More missiles from a new wave of Kremlin long-range strikes hit the Ukrainian port city of Odesa on Monday, June 27, as President Volodymyr Zelensky vowed that Russian soldiers responsible would face prosecution for war crimes.

Two air-to-ground missiles launched by Russian Federation (RF) Tu-22M bombers hit Odesa civilian infrastructure in a June 27 strike, a statement from Ukraine’s Joint Forces South (JFS) said. Six persons were injured, including one child, a statement from the Odesa City Council said.

Previous RF missile strikes against the Black Sea port city include a June 21 Bastion missile hitting in the vicinity of Odesa’s Artsyz airfield, and April 23 long-range munitions detonations in two Odesa apartment buildings, killing eight.


The Monday morning Odesa strike was the latest in a wave of new long-range RF attacks, including at least 48 long-range missiles striking targets across Ukraine on Saturday, and a Sunday missile strike against a residential district of the capital Kyiv.

Kyiv mayor Vitaly Klitschko in a statement on June 27 said a Russian national living in the capital’s Shevchenko district was injured and hospitalized, after the missile demolished the top two floors of the apartment building she lived in. Her husband, a Ukrainian national, was killed.

Zelensky in a Sunday evening television address said: “Firstly, all pilots, dispatchers, technicians and other people who take part in missile launches in Ukraine must understand: we will find you all, each of you will be responsible for these strikes…When your missiles hit residential buildings, these are war crimes. A trial is what awaits you all. And you will not hide anywhere – neither on the shores of the Caspian Sea, over which your missiles are launched, nor in Belarus … nowhere.”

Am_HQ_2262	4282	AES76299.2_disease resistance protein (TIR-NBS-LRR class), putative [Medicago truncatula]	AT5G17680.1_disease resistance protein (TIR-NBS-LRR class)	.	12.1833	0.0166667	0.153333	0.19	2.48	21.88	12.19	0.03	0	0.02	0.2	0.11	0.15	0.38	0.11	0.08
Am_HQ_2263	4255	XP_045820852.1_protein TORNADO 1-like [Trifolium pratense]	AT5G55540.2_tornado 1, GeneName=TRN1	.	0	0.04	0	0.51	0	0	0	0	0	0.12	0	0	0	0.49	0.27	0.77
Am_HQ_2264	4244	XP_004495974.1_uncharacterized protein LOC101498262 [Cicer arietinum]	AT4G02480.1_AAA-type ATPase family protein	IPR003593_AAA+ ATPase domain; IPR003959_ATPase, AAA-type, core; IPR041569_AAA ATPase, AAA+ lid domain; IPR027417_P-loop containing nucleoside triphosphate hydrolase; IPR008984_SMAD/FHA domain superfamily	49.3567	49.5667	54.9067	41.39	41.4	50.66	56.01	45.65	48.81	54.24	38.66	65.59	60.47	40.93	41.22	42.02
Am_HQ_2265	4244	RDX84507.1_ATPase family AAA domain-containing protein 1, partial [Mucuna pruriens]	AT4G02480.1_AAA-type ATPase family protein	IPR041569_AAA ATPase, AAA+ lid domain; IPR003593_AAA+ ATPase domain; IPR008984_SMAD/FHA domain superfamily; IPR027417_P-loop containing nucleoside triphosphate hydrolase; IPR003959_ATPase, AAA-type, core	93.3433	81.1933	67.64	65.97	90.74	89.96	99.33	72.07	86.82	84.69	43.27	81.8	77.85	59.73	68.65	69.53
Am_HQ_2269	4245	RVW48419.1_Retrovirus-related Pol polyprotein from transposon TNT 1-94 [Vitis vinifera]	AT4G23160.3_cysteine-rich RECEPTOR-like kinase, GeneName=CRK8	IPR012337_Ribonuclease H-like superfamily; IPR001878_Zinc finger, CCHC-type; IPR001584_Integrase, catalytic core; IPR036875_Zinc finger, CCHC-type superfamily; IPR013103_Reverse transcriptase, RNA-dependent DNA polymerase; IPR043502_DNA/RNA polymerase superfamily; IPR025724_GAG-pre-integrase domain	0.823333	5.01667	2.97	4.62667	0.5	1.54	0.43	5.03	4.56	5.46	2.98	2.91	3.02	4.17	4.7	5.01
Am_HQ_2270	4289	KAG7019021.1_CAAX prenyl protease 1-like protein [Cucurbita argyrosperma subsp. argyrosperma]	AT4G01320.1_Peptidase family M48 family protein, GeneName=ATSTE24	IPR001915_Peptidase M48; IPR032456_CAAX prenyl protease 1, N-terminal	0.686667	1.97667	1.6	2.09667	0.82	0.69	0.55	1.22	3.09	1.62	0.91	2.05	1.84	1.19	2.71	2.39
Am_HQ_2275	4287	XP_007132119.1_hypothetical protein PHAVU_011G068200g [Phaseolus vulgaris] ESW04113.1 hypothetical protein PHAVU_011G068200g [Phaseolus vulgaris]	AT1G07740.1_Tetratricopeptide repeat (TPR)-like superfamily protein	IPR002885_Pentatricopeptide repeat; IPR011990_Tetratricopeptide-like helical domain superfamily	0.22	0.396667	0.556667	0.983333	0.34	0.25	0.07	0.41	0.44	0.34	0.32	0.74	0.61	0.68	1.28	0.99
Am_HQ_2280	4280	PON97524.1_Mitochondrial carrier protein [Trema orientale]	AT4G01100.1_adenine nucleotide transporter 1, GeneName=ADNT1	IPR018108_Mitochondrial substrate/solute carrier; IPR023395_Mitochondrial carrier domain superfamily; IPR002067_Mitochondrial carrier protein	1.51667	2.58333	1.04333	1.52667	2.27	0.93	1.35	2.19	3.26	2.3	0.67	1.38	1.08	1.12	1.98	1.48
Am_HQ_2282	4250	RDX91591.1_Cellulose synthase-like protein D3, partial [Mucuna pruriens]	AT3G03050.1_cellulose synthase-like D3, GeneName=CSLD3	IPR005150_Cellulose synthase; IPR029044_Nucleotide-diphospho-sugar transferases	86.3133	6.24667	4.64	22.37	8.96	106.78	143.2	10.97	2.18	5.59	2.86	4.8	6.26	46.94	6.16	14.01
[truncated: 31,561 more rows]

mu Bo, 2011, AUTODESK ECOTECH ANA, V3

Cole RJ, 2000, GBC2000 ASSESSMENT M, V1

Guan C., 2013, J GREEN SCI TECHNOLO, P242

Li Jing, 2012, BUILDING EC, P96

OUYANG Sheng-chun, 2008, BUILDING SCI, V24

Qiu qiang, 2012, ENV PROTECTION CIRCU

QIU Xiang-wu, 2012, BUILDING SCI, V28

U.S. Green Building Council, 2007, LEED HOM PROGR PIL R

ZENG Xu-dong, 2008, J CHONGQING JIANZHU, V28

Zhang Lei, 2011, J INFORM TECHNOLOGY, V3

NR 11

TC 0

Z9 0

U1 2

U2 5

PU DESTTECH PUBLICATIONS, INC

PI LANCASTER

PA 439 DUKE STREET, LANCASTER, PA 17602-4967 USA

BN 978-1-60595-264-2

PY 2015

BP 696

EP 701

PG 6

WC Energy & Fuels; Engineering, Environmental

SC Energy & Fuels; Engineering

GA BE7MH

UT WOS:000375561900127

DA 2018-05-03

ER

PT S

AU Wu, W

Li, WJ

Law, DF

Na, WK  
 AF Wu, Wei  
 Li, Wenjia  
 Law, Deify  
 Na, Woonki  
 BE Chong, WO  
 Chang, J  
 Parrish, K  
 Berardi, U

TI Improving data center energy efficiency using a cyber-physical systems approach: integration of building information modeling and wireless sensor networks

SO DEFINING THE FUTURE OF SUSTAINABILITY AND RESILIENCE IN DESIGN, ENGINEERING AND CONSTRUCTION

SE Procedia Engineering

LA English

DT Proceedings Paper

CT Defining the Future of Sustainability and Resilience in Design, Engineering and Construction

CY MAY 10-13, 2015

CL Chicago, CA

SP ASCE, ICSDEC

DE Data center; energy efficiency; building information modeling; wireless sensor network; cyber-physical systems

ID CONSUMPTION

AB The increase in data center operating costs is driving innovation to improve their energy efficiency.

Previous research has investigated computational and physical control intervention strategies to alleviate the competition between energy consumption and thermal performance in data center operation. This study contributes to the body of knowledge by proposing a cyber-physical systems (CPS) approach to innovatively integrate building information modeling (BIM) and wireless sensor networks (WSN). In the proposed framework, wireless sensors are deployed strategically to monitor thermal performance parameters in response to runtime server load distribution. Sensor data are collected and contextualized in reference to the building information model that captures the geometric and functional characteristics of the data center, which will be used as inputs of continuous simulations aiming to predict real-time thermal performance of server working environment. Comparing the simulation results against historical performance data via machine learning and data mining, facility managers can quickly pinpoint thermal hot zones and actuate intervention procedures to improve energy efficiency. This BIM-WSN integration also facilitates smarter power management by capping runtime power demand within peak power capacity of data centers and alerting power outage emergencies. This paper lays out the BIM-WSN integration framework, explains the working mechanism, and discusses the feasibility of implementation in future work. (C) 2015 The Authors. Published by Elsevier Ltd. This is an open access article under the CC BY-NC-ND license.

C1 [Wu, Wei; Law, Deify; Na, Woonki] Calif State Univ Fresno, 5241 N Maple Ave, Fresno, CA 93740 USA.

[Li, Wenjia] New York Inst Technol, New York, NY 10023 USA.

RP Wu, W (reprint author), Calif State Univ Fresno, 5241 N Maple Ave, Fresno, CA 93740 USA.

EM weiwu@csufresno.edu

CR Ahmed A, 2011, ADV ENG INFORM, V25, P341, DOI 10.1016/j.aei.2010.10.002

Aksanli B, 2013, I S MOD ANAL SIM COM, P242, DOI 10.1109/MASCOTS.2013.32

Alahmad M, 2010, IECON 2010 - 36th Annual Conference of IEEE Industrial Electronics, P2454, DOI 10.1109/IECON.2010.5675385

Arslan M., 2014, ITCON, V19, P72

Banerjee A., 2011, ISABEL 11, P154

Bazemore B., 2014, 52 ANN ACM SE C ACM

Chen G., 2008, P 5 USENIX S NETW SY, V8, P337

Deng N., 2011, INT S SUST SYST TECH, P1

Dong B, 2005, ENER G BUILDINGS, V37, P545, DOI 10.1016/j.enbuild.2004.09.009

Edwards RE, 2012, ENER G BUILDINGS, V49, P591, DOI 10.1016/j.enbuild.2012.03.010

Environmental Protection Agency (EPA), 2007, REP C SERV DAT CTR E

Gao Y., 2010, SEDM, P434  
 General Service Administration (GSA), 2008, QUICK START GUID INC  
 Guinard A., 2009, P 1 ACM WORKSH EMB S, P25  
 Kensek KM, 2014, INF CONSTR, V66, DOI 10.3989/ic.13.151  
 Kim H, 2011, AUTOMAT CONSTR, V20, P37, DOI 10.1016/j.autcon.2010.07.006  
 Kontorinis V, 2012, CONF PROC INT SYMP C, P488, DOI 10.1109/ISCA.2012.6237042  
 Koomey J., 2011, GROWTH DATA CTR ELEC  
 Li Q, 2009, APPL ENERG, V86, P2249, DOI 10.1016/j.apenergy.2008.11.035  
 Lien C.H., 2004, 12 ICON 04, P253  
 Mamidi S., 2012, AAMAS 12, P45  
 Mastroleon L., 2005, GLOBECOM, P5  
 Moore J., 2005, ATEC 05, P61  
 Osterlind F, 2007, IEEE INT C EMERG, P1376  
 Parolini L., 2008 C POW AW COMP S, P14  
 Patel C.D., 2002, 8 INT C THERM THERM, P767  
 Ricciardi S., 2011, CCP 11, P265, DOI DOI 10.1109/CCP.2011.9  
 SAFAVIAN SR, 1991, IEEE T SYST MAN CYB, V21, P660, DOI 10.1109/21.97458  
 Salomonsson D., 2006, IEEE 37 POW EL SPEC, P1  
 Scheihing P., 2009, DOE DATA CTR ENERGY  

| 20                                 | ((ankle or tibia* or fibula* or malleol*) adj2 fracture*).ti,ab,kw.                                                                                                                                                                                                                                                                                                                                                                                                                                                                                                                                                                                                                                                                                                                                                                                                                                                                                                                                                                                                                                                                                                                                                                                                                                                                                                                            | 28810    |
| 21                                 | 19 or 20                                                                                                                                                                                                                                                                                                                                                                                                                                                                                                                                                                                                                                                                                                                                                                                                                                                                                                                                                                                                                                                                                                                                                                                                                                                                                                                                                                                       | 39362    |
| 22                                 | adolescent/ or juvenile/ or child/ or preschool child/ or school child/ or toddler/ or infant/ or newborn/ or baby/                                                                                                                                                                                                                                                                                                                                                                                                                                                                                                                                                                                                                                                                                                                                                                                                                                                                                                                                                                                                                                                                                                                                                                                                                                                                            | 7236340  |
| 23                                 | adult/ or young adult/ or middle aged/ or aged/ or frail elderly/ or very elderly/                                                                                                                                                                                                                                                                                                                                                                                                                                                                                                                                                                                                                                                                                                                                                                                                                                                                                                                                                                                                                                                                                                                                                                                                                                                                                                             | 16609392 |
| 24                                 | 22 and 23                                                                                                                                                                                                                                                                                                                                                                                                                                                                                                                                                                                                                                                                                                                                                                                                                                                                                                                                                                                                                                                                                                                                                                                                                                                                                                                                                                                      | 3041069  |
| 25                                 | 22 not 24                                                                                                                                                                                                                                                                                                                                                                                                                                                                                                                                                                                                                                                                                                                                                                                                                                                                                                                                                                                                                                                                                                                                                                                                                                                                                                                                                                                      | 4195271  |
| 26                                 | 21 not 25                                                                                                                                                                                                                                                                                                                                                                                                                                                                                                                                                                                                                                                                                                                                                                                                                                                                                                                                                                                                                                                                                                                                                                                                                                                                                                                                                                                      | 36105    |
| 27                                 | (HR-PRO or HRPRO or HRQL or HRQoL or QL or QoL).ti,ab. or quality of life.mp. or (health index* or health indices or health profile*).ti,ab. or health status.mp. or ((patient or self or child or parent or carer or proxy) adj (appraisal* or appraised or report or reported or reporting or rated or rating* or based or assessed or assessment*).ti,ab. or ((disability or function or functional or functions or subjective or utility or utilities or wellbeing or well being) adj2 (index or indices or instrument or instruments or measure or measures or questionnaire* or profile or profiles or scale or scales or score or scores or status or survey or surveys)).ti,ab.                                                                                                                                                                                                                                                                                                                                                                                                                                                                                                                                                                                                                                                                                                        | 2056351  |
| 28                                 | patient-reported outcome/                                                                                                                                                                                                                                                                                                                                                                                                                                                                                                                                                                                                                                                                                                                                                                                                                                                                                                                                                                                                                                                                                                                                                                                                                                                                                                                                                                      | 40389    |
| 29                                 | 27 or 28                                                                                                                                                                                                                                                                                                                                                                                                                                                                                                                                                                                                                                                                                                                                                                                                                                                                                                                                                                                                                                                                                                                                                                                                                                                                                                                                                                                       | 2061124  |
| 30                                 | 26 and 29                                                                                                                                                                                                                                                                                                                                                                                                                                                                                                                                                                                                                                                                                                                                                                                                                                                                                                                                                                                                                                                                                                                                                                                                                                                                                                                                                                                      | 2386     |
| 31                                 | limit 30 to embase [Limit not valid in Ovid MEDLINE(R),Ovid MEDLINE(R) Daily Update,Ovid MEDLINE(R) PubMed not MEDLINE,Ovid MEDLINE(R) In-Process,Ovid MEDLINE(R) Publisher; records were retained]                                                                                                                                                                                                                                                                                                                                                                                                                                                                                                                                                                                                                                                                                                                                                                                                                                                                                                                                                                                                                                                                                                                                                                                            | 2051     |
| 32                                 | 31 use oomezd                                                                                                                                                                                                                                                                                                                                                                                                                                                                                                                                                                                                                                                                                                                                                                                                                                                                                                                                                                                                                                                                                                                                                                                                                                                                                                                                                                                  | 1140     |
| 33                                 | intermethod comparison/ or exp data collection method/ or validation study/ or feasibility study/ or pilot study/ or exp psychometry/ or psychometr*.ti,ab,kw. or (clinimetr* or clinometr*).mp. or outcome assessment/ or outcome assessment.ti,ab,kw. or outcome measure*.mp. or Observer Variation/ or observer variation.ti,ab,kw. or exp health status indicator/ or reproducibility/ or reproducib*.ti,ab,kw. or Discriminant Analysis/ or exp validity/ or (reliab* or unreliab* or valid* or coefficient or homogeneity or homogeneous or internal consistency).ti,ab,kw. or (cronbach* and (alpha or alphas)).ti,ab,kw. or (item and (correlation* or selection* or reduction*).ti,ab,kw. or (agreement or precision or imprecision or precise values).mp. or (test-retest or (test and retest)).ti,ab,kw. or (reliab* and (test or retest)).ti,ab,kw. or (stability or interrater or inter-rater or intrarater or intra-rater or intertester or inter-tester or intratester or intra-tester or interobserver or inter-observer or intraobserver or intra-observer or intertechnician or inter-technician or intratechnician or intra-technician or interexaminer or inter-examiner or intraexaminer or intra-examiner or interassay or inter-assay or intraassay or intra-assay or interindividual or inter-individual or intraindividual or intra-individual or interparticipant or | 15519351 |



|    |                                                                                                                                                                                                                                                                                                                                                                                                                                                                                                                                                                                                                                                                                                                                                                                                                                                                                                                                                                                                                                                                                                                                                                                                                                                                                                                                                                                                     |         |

Ukraine’s Army General Staff (AGS), in situation estimates made public on Saturday and Sunday, said the Kremlin used a combination of slow-moving cruise missiles, air-launched hypersonic missiles and high-trajectory ballistic missiles in the attacks. According to military observers, some were obsolete Soviet-era weapons incapable of precision strikes, and often unable to hit closer than a half kilometer to their intended targets.


According to the AGS Monday morning situation estimate, ground combat across most of the 2,500 kilometer fighting line had mostly stalled, with Ukraine Armed Forces (UAF) standing fast in defensive positions and RF units conducting artillery bombardments across the front, and making limited ground attacks in narrow sectors.

In the heavily fought-over Severodonetsk sector, the Kremlin primarily was using artillery fire and air strikes in an attempt to cut UAF supplies to the Ukraine-held town Lysychansk. Two RF ground attacks, against the outlying villages Vovchoyarivka and Verkhnyokamyanka, were repelled with losses, the report said.

According to the pro-Russia news platform Readovka, RF artillery fire had fully halted UAF supply to Lysychansk. At Voychoyarivka, RF units beat back a UAF attack, the news agency said.

Another RF ground attack, according to Ukrainian sources, was to the north-west of the city of Slovyansk, where UAF forces on the morning of Monday, June 27 engaged RF units attacking the village of Mezenivka, and fighting reportedly was still in progress by midday. According to Readovka, in the Slovyansk sector, no fighting took place aside from minor exchanges of artillery fire.


The UNIAN news agency on Monday, citing Ukrainian army intelligence, reported that trains loaded with ammunition were spotted travelling from Belarusian munitions depots to RF forces fighting in Donbas. According to Sunday’s Institute of Study of War (ISW) situation estimate, the Kremlin’s strategy for capturing the Donbas region is massive use of artillery against thinly-stretched UAF units. The UAF has attempted to interdict RF artillery ammunition deliveries, but in recent days RF artillery fire volumes have increased by as much as 50%, the ISW statement said.



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